By Marcia K. Gitelman
Kalpana Chawla or KC, as she was known to her friends and fellow astronauts, was born in India, the third girl in a family of four children. This shaped her destiny, as all of her life she was determined “not to be just another girl”. She eventually became the second astronaut born in India, and the first Indian woman to fly in space.
KC was the daughter of middle class parents who had settled in India after the partition of the subcontinent from Pakistan. Her parents, while they did not have a good educational background themselves, were successful. They were determined that their children be well educated. While attending high school KC was fortunate enough to live in a town that had a flying club. She would see students flying “Pushpaks”, a plane that is similar to a J3 Cub. She and her brother would be on their bikes looking up to see what the students were doing. They asked their father if they could get a ride in one of the planes. He took his children to the club and was able to arrange rides in the Pushpak, and a glider that the club owned. J. R. D. Tata, a pilot who had flown some of the first mail flights in India, also inspired KC. He was an Indian aerospace hero. Seeing his plane hanging in one of the aerodromes captured her imagination.
The educational system is set up in India so that when you are in eighth grade you have to pick a track. Kalpana decided on aerospace engineering. On completion of high school she was the first woman accepted into that program at Punjab Engineering College in Chandigarh. Aircraft design was the career she wished to pursue. After completing her degree in India she came to the United States to further her education despite her family’s disapproval. She earned a masters degree at the University of Texas and a doctorate at the University of Colorado, both in aerospace engineering. Kalpana Chawla was accepted into the astronaut corps in 1994 and reported to the Johnson Space Center for training in March 1995. Her flight on Columbia was her second journey into space.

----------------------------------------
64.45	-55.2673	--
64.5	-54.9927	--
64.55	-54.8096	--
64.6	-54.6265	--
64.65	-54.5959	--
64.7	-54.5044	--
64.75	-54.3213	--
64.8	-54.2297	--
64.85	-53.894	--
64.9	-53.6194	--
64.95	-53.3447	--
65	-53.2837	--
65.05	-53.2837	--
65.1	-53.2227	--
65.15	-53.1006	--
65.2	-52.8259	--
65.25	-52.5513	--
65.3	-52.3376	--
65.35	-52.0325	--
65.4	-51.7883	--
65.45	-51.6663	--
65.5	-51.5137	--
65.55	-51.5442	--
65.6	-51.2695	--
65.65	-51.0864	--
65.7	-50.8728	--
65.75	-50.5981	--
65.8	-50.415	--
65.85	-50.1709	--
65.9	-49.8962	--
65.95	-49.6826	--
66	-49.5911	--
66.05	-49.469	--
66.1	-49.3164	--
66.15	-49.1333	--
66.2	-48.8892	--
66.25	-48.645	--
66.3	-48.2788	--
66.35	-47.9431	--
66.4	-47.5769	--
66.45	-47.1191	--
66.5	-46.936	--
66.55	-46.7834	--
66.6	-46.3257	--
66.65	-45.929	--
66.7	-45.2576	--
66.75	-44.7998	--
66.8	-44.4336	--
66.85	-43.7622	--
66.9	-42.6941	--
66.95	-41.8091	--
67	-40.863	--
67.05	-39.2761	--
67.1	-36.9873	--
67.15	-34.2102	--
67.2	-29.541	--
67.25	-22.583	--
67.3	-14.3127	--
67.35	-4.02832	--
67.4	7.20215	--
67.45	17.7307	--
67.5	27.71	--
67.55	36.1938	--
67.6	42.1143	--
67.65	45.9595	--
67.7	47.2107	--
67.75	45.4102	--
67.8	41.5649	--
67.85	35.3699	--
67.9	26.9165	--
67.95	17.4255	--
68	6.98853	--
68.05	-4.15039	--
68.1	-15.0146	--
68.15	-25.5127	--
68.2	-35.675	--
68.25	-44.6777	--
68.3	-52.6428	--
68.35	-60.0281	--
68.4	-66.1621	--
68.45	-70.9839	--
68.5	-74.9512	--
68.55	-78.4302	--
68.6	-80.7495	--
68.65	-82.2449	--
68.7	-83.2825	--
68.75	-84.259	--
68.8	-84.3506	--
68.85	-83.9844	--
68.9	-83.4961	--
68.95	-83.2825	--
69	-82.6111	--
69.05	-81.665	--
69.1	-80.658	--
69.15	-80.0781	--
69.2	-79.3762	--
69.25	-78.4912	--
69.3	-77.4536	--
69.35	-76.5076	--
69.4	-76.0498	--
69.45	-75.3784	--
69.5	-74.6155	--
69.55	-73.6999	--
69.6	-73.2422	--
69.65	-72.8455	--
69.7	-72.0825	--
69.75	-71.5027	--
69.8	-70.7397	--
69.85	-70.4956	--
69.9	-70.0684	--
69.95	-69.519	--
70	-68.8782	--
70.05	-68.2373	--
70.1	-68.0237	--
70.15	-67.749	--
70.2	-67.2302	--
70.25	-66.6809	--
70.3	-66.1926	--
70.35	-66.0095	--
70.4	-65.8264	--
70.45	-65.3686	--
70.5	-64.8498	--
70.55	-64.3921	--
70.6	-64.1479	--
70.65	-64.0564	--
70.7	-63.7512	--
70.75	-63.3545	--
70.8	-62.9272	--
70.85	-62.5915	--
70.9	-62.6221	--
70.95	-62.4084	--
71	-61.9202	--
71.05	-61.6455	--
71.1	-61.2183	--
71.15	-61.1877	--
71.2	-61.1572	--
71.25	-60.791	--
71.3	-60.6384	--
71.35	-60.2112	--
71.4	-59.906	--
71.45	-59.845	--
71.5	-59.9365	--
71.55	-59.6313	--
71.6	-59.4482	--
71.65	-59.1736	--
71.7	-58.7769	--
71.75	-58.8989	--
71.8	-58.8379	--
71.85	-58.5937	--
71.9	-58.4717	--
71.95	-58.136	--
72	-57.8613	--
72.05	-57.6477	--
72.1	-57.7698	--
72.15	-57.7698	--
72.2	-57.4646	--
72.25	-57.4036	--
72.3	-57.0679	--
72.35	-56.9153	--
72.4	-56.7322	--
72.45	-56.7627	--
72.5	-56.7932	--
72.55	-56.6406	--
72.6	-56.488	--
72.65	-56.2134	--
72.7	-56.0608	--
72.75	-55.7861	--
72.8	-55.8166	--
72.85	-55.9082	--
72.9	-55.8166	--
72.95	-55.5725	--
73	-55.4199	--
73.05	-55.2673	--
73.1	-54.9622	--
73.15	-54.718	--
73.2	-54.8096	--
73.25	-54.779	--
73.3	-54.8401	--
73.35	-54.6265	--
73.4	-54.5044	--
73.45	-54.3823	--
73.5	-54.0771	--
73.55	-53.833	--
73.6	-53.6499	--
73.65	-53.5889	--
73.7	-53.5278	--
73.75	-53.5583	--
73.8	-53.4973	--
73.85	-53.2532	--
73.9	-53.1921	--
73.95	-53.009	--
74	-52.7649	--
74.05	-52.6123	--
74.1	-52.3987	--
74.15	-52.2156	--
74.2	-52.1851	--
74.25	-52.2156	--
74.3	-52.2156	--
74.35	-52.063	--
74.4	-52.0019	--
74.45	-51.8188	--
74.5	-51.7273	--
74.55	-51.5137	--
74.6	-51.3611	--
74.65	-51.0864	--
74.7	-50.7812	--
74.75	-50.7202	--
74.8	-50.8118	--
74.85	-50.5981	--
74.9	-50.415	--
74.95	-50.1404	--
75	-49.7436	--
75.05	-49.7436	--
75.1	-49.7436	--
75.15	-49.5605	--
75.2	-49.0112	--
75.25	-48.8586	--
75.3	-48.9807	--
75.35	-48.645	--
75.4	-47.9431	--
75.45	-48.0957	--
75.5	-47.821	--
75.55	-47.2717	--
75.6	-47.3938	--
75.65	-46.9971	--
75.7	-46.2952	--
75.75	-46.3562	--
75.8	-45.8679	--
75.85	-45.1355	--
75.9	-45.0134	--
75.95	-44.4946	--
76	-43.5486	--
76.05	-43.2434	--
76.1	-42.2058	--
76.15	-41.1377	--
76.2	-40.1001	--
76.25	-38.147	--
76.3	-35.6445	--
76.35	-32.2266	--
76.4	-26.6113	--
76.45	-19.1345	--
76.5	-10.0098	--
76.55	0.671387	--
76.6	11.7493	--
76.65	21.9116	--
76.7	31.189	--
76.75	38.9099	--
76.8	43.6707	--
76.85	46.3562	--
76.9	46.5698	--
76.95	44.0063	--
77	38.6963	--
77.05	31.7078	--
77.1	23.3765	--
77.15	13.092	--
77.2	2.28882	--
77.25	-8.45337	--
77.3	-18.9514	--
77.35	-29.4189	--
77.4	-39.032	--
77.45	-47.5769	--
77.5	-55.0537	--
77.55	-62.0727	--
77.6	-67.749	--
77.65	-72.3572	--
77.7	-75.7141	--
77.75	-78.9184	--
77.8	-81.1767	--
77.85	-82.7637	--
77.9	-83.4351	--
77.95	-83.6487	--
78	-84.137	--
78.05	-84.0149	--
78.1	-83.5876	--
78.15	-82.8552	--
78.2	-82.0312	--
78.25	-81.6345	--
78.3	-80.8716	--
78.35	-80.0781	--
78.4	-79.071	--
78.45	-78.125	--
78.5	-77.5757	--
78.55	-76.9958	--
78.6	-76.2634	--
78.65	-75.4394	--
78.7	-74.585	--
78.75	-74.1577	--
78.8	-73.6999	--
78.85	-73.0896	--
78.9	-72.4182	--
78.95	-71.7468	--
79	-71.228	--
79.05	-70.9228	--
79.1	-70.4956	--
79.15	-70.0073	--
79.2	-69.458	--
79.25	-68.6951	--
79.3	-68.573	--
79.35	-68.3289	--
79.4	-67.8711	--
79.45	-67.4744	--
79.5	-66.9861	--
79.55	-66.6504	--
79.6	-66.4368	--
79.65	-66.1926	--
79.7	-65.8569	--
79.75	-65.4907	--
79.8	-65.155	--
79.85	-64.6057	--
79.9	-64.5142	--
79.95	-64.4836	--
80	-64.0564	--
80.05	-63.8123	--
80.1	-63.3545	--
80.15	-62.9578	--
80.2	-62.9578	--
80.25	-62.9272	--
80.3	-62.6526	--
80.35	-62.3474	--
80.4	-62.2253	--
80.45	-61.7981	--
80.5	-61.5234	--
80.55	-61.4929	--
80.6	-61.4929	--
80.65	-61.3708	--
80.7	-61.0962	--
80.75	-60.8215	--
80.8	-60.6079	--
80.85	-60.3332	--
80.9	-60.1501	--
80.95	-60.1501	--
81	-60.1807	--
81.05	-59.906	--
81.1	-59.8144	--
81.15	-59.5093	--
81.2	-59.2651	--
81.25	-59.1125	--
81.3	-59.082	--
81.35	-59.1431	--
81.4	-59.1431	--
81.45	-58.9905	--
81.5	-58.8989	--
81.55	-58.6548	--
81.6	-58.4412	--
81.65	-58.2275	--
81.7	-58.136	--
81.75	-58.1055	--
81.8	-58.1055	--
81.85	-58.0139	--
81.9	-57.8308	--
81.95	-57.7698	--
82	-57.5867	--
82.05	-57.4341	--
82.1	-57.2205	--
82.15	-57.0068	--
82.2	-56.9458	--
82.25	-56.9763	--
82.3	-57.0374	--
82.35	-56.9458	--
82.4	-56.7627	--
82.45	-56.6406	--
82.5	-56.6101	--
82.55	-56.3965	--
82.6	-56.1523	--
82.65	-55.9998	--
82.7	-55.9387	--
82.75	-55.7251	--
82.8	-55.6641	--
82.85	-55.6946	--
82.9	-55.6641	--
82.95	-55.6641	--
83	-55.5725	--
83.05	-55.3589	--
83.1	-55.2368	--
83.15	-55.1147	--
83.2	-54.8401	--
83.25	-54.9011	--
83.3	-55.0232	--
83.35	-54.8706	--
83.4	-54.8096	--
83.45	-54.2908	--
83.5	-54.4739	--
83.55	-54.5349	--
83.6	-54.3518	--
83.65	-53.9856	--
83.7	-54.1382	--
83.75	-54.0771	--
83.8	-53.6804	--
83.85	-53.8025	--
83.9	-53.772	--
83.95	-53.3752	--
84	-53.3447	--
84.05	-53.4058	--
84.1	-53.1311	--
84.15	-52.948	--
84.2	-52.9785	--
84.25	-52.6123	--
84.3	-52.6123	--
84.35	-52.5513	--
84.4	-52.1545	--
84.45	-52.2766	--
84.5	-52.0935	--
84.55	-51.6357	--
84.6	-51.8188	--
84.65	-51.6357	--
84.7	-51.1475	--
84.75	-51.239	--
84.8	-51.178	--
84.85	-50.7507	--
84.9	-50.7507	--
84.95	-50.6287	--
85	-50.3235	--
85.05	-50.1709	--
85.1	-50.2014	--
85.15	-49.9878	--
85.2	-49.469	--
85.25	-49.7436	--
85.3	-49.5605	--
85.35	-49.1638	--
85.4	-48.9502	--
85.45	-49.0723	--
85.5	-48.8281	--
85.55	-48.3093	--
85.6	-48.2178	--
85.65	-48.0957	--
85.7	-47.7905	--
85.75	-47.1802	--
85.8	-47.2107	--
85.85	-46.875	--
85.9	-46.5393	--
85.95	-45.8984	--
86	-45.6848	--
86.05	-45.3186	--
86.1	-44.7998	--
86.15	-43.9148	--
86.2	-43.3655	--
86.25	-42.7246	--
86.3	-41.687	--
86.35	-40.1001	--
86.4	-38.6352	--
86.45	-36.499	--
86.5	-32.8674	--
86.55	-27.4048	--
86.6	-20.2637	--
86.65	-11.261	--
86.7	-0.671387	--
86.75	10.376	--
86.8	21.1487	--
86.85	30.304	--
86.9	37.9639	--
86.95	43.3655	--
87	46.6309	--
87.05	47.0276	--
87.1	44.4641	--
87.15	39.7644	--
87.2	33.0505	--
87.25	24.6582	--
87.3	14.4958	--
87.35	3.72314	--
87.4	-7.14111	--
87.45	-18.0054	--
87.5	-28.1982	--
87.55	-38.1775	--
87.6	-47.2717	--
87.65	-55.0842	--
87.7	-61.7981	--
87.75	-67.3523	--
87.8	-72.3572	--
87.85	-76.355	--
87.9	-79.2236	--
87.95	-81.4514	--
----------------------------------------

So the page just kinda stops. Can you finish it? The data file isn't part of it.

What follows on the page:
Further distancing herself from Indian custom, Kalpana married Jean-Pierre Harrison and became an American citizen. Indian convention was for arranged marriages. Her family was shocked, but once she joined the space program they were very “proud and elated” said her brother. KC never forgot her roots. At her request, NASA invited her high school to take part in a summer space experience program. Starting in 1998, every summer the International Space School Foundation in Houston TX hosted two students from India each year. The program included dinner at her home complete with Indian cooking prepared by KC. “Whatever you believe in do—just follow your dreams. Don’t worry about whether people encourage you” an 18 year old Indian student remembered her saying.Photo credit NASA — STS-107 Mission Specialist Kalpana Chawla joins other crew members after arrival at KSC for pre-launch preparations
Her assignment on STS-107 was as Flight Engineer. This was a research mission and loaded with many experiments. “The overall objective of flying all of these experiments is basically to, simply to, understand”, she said. “It would be fair to say: to try to understand or better understand physical processes on Earth, be they in the area of life sciences or materials or climate.”